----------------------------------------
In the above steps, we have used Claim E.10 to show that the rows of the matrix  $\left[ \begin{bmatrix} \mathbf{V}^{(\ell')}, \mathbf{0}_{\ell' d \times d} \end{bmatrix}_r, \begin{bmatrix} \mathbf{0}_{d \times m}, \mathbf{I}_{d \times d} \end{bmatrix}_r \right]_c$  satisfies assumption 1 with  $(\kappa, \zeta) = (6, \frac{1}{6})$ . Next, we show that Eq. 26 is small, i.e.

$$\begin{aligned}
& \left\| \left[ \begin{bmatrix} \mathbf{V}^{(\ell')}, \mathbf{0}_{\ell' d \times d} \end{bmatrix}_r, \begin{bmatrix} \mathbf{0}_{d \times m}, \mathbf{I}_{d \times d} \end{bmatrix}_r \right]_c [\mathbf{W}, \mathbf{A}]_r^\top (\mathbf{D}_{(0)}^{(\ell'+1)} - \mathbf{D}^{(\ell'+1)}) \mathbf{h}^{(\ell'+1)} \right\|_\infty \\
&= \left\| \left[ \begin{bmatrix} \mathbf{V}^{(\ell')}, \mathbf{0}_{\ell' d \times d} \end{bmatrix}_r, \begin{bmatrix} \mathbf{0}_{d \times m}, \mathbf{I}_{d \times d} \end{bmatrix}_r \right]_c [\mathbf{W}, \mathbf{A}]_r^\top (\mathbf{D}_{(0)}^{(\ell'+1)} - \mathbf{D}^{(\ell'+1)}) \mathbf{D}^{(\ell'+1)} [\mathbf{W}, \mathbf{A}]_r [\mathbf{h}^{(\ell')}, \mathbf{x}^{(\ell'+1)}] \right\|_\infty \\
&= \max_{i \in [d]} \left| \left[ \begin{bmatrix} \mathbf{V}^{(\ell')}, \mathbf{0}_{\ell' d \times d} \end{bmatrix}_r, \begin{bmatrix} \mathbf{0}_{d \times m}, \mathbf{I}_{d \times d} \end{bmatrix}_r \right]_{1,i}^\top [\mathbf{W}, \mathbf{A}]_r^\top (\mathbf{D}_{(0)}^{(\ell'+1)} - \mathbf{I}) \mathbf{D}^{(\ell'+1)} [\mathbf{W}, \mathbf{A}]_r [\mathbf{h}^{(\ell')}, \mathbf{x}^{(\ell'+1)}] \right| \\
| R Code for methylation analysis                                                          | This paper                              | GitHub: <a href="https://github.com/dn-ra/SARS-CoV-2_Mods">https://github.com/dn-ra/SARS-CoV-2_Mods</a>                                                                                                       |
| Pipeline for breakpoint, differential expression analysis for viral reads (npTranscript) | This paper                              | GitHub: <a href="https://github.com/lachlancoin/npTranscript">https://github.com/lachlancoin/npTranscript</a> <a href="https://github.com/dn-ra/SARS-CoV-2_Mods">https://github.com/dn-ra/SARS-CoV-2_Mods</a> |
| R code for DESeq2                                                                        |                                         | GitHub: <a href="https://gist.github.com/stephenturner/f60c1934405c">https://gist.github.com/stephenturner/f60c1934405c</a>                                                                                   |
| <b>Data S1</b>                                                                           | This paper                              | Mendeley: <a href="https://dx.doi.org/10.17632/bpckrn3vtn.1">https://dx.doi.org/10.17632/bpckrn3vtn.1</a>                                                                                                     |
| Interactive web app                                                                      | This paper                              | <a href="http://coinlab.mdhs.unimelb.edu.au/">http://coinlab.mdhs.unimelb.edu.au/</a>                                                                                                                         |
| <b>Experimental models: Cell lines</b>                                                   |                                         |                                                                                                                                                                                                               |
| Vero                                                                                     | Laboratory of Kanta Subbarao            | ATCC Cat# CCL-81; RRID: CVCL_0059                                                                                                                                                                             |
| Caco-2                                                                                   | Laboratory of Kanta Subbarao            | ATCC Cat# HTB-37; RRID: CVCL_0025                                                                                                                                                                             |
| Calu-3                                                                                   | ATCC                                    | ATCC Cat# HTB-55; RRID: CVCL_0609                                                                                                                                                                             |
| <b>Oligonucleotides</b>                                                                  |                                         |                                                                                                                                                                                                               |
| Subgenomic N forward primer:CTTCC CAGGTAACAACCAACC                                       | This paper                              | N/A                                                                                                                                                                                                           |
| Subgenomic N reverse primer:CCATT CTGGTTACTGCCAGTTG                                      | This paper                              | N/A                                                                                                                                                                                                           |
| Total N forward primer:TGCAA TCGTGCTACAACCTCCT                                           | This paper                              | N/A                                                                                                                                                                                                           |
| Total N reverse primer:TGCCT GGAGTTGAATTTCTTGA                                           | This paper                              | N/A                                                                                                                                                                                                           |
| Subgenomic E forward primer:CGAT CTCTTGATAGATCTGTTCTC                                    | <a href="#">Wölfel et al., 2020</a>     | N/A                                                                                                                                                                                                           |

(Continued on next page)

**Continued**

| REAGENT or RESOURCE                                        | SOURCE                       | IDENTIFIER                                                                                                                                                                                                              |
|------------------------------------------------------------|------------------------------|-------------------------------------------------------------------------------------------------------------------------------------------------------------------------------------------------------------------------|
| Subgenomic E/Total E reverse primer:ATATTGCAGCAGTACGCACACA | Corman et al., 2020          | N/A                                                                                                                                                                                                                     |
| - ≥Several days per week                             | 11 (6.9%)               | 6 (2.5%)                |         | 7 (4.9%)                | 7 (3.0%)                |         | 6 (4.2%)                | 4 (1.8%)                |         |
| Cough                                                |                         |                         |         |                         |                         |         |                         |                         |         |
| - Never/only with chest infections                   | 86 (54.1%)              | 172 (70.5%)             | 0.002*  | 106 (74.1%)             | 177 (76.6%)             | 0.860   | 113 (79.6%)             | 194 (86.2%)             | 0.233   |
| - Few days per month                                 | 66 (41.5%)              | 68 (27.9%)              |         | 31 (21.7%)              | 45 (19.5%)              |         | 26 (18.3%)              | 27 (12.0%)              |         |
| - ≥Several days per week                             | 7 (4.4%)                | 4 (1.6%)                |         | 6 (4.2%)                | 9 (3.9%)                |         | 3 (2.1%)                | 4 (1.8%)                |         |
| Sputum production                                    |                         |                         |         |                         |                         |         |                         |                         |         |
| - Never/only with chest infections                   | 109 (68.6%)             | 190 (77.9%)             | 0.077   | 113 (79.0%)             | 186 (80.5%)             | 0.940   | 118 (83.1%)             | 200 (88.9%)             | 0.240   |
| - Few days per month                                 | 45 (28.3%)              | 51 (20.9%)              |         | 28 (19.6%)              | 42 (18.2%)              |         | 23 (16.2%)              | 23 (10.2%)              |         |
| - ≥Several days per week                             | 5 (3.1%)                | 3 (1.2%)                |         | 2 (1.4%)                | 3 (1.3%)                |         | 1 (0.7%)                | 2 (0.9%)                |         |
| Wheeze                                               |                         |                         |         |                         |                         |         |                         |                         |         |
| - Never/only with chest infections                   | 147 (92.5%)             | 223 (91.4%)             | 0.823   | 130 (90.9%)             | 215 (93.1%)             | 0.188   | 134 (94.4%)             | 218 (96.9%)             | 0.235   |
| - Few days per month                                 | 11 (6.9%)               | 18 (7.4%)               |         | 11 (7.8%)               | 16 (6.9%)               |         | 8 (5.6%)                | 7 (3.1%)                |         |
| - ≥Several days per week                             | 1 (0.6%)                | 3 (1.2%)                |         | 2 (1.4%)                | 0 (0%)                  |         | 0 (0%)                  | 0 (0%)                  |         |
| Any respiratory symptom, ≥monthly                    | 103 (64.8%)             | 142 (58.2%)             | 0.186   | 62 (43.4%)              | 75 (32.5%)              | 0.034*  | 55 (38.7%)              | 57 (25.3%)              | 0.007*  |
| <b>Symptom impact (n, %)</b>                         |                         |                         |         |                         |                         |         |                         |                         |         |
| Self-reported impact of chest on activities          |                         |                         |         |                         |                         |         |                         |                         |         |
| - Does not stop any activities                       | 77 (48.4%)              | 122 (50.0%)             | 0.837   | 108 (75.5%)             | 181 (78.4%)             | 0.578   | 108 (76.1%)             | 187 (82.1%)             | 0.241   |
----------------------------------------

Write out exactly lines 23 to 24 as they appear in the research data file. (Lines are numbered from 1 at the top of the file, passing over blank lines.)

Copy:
| REAGENT or RESOURCE                                        | SOURCE                       | IDENTIFIER                                                                                                                                                                                                              |
|------------------------------------------------------------|------------------------------|-------------------------------------------------------------------------------------------------------------------------------------------------------------------------------------------------------------------------|